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Administration is part of estate planning

Being an administrator of an estate that is in probate can be taxing. It can mean a commitment of six months or several years. Having an attorney to assist while you are going through this can be a huge help. The legal representative will mean that you won't waste time on things that are not necessary. This legal professional can help you make decisions and brief you on what your next steps are.

The administrator needs to conduct a thorough search of all documents and personal papers left behind by the decedent. This will let you know who is a creditor that needs to be paid.

Looking at the decedent's checkbook and bank statements will also give you a clue as to the bills that need to be taken care of.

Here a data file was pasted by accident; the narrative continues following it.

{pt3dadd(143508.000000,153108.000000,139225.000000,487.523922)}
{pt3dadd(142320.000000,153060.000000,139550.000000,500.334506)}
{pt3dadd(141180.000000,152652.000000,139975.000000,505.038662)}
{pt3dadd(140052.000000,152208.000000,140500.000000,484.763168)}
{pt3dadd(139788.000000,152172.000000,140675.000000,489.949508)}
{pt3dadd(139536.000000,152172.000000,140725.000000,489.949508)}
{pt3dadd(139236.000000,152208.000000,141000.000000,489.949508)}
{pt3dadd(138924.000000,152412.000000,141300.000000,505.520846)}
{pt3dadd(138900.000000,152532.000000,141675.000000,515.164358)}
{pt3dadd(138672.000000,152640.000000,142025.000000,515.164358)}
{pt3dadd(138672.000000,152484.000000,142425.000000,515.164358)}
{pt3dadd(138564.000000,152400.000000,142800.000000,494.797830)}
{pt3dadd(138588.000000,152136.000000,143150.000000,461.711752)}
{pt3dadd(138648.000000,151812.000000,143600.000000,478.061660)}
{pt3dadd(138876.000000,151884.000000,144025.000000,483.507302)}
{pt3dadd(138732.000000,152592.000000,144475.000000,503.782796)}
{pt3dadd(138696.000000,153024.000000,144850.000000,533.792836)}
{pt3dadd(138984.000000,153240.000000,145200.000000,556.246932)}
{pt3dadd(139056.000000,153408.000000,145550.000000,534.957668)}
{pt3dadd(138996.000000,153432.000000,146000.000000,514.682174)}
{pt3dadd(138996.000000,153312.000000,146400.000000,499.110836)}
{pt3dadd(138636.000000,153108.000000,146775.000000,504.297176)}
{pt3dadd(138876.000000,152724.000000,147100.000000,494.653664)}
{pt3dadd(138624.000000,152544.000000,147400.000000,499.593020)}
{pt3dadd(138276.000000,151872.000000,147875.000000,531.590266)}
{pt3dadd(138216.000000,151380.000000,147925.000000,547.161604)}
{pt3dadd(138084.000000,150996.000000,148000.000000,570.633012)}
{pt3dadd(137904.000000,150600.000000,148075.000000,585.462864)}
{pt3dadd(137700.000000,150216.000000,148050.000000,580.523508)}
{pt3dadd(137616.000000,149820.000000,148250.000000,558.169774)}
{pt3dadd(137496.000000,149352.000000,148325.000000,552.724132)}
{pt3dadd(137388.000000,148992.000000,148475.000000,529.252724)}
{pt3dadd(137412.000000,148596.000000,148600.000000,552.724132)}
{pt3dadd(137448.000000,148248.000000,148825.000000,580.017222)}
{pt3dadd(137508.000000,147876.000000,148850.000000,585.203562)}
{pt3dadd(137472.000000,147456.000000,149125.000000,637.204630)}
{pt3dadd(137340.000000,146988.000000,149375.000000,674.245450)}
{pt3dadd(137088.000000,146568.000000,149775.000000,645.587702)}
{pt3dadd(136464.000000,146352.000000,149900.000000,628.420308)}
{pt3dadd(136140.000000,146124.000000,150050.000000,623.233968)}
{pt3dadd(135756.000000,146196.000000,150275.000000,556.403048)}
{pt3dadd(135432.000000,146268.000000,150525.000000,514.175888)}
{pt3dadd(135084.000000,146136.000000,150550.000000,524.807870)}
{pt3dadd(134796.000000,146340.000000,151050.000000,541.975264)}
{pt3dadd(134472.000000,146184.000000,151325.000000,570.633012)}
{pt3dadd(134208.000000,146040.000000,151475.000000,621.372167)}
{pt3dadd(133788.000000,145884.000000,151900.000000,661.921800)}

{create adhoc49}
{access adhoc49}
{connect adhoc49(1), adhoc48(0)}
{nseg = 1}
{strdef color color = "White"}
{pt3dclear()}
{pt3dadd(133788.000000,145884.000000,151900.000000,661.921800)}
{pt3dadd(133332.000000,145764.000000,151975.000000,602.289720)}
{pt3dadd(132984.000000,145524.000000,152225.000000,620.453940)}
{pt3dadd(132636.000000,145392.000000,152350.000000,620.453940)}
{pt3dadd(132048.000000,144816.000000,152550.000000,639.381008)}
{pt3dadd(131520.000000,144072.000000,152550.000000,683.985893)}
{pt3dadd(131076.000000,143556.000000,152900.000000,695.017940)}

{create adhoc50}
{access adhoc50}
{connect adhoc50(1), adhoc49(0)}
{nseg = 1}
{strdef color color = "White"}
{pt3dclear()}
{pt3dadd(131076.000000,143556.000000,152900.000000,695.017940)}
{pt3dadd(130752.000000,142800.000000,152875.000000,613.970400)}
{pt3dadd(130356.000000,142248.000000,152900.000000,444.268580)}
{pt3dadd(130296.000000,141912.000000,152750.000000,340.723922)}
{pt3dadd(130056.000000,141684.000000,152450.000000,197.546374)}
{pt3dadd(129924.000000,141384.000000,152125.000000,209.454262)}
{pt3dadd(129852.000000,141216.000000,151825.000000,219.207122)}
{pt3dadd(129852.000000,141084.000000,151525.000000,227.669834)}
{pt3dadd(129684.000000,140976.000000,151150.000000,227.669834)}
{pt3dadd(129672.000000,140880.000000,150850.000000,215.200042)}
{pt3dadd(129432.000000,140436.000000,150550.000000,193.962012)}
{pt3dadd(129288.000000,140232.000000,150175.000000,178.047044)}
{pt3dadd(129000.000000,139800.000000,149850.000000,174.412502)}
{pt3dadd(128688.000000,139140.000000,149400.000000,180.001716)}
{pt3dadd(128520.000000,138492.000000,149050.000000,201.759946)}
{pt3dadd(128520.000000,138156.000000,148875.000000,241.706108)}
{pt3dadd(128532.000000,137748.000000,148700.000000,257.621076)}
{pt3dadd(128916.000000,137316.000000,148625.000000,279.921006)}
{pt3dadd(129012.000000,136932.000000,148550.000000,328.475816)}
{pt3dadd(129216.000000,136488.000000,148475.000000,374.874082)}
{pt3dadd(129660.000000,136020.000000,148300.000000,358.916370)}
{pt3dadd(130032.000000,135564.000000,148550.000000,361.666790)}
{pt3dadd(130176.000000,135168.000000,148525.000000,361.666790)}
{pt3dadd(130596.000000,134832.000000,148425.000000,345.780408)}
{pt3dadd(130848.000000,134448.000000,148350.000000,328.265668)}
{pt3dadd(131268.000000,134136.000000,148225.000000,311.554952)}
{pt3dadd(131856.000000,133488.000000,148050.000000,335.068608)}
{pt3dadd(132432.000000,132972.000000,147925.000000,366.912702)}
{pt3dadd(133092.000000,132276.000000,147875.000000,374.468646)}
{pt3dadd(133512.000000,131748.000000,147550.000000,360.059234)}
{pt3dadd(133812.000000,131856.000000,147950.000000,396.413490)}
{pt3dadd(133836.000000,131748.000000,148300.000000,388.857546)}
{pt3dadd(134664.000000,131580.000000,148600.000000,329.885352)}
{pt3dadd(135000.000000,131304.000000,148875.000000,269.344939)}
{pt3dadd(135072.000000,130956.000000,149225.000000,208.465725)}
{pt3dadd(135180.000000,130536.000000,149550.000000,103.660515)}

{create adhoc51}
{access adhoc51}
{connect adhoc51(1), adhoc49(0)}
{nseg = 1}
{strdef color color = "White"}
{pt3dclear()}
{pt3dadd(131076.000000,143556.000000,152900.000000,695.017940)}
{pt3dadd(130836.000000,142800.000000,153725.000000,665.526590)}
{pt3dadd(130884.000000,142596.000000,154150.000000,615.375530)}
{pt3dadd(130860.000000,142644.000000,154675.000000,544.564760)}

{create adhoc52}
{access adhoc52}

You need to contact each creditor to ask for a final invoice. Don't forget the hospital that the person was in when he or she passed away. Inheritance taxes must be paid and the medical bills of the estate come off the tax return. They can be substantial so it is important that a search be made for all the bills that are related to medical payments.

Can you begin to see how helpful an attorney can be at this point? While you are grieving the loss of your loved one, he or she can be busy making a list of all those companies that need to be paid.

Administrators have other duties as well. You have to collect and manage assets and make distributions of those assets to those who are inheritors of the estate. Making sure that any charities the decedent wanted to benefit is another job that an administrator needs to fill.

Source: American Bar Association, "Administrator of a Probate Estate: Duties and Responsibilities," Kenneth A. Vercammen, accessed May. 15, 2015

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